Review Summary: The one where Talib Kweli continues doing everything he's done before with similar results, but achieves nothing new in the process
To this day, Talib Kweli remains something of an enigma in the hip hop world. He exists in that seminal gray area that makes up the in between world of not quite mainstream and a little too well known to be underground. Despite not having his name plastered all over our screens and radios every five minutes, or courting controversy in the media in the musical off season, his name is perhaps as well known as many of his more successful peers. And that's not to say that he doesn't deserve the recognition or the attention that's come his way over the years, or that his popularity should even come as a surprise, but for someone who's name doesn't end in a zy, or dabbled in a film career to rise as high as he has while still generally considered an “alternative rapper”, is a little interesting. Now every hip hop emcee who's been hit with success at some point in their career has, at one point or another, been indebted to the sonic creativeness of a quality producer hiding out back. Every rapper worth more than a grain of salt has one in their back pocket or on the bench, waiting to be drawn out just in time for that oh so needed essential summer release. Would Snoop or Eminem have become as successful as they did without Dr. Dre in the mix? Guru wouldn't be the underground champion that he is without the support of Premier, just as Royce da 5'9” has been able to have a career post Eminem feud with those same talents. Listening to the Wu Tang Clan's 21st century output versus their acclaimed beginnings show how far they've descended without RZA pulling all the strings. The same can also be assumed of Talib; his obvious talents not withstanding, he's never been as relevant when Hi-Tek wasn't supplying the beats.
Granted Kweli's been blessed with just as much critical and commercial success when he's teamed up with the likes of Kanye and Madlib, but he's just never seemed as authentic as when he's poured his rhymes over the bedrock of a Tek rhythm. There's a reason why people get excited when the words Reflection Eternal are mentioned in the same sentence, or why Black Star is regarded as the classic it truly is. Kweli's adept at getting by without him though, as he's proven time and time again into a career well into its second decade. And Gutter Rainbows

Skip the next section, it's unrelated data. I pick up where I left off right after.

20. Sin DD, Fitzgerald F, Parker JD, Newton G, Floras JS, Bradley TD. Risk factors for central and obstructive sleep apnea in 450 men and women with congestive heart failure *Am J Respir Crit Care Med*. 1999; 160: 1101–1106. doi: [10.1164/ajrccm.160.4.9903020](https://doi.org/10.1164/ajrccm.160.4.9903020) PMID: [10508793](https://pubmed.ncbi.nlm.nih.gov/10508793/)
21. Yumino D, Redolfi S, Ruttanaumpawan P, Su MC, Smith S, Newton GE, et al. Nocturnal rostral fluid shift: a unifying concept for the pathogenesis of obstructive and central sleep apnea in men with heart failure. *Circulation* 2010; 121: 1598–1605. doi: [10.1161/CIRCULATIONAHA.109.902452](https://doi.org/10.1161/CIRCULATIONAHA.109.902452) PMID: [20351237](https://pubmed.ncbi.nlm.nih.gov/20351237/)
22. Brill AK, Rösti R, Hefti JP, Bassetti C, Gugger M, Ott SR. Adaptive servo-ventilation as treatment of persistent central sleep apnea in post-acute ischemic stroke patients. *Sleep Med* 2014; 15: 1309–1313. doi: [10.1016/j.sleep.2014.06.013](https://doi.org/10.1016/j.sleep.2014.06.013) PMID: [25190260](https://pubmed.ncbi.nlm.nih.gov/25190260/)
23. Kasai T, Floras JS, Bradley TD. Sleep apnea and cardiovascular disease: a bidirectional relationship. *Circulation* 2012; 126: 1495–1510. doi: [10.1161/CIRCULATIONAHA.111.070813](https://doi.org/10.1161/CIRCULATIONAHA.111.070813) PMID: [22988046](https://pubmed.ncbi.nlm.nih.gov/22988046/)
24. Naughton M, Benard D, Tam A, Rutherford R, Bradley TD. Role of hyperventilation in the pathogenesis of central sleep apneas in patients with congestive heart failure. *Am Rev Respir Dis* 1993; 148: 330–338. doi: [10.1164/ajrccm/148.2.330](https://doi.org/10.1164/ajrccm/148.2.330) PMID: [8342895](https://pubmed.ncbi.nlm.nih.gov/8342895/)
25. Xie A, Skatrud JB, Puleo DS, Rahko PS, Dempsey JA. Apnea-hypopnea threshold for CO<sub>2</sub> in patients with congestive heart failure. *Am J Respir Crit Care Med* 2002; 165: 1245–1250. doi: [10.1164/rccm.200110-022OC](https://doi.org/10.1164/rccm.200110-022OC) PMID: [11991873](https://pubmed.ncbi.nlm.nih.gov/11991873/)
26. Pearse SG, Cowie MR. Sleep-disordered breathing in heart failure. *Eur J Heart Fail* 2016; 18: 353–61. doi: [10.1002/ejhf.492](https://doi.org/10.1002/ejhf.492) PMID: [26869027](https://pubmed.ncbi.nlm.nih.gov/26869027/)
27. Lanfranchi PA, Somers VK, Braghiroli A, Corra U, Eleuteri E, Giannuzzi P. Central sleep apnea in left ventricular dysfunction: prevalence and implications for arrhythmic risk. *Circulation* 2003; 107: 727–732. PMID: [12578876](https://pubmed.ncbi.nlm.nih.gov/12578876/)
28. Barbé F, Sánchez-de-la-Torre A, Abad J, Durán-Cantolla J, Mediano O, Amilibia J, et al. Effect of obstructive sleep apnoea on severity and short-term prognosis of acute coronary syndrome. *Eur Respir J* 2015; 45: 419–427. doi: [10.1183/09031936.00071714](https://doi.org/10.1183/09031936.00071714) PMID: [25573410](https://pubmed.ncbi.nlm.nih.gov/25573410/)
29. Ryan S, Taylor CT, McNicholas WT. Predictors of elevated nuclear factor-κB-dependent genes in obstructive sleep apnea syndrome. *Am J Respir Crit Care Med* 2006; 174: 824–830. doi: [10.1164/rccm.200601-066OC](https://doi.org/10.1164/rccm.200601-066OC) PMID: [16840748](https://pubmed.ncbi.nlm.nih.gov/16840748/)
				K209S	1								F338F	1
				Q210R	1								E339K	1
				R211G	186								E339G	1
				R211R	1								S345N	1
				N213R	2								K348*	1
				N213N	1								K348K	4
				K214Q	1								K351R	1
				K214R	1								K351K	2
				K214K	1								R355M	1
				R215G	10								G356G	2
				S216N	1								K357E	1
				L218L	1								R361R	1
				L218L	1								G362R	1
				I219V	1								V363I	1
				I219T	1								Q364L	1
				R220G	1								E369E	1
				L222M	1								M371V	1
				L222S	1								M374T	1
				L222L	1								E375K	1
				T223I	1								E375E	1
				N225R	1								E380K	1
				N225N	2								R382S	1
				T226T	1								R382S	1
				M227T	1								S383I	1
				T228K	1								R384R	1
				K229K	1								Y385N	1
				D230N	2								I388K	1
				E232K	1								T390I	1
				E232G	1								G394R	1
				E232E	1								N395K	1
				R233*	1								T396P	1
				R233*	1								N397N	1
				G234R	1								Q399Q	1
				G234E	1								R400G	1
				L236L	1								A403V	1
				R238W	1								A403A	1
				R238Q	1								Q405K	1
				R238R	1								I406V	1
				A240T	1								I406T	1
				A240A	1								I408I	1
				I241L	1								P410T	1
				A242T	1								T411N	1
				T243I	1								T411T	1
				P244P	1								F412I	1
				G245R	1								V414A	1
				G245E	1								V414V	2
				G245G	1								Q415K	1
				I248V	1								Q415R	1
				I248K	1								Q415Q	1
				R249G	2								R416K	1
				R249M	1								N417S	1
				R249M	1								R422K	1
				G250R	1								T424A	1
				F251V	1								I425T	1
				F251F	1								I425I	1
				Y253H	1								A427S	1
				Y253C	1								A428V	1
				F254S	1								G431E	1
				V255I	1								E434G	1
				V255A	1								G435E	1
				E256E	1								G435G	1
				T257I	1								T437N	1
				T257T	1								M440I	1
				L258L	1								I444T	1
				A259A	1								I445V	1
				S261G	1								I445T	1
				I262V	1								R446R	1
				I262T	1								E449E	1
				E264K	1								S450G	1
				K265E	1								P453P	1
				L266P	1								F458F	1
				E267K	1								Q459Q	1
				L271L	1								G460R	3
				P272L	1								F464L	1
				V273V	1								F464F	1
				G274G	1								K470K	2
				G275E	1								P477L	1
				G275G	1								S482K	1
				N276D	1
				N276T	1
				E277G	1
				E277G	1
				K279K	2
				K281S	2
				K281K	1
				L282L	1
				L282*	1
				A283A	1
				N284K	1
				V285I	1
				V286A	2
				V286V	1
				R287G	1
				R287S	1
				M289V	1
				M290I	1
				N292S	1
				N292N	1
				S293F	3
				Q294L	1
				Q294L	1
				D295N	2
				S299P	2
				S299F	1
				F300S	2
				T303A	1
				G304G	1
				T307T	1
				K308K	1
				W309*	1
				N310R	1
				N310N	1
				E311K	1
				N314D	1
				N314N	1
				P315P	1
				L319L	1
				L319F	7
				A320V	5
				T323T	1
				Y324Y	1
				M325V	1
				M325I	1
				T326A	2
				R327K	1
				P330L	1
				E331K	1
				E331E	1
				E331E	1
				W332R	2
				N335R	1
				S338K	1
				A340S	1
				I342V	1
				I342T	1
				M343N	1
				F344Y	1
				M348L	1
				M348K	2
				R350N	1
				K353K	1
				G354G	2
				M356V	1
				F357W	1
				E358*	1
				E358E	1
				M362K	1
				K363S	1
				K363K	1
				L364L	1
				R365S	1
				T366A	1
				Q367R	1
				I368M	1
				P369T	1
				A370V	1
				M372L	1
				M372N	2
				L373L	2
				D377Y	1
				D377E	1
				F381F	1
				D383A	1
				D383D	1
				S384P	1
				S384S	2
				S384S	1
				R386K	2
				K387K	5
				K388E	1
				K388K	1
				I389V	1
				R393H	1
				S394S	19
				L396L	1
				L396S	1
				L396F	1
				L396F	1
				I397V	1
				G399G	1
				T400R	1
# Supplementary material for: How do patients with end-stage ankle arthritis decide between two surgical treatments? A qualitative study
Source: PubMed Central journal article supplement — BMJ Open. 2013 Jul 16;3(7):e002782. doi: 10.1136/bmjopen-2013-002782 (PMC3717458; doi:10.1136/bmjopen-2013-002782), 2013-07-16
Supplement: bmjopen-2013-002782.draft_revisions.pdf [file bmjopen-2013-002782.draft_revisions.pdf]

is the simple continuation of that notion, but in saying that I have to stress that it is exactly that – the straight continuation of everything he's ever done before, and nothing more. A new Talib Kweli record means a lot of things for a lot of people, the least of which is another quality hip hop record to do the round across the decks. But there's something about Talib's recent output that's become just a little, well stale almost. Granted the initial excitement lasts well beyond the point where the constant rotations of the album has induced damage to the disc itself, but lately its simply been just more of the same. Yes, Gutter Rainbows
is another stellar entry in an already creatively fulfilling career, and no that's not a bad thing, but a little diversity wouldn't hurt anyone. A safe bet can only be interesting for so long.
For Gutter Rainbows
, Talib's called a few new players into the game to offshoot the comfortable nature he's settled into, while the old favorites return with something just a little different this time. M-Phazes keeps his retro soul pilfering cap on and opens the album up properly with his now standard larger than life compositions with the title track, before Kweli gets introspective on follow up 'So Low', dropping such fare as “I'm still flirting with death, although I'm still certain about my commitment to life, although I'm still searching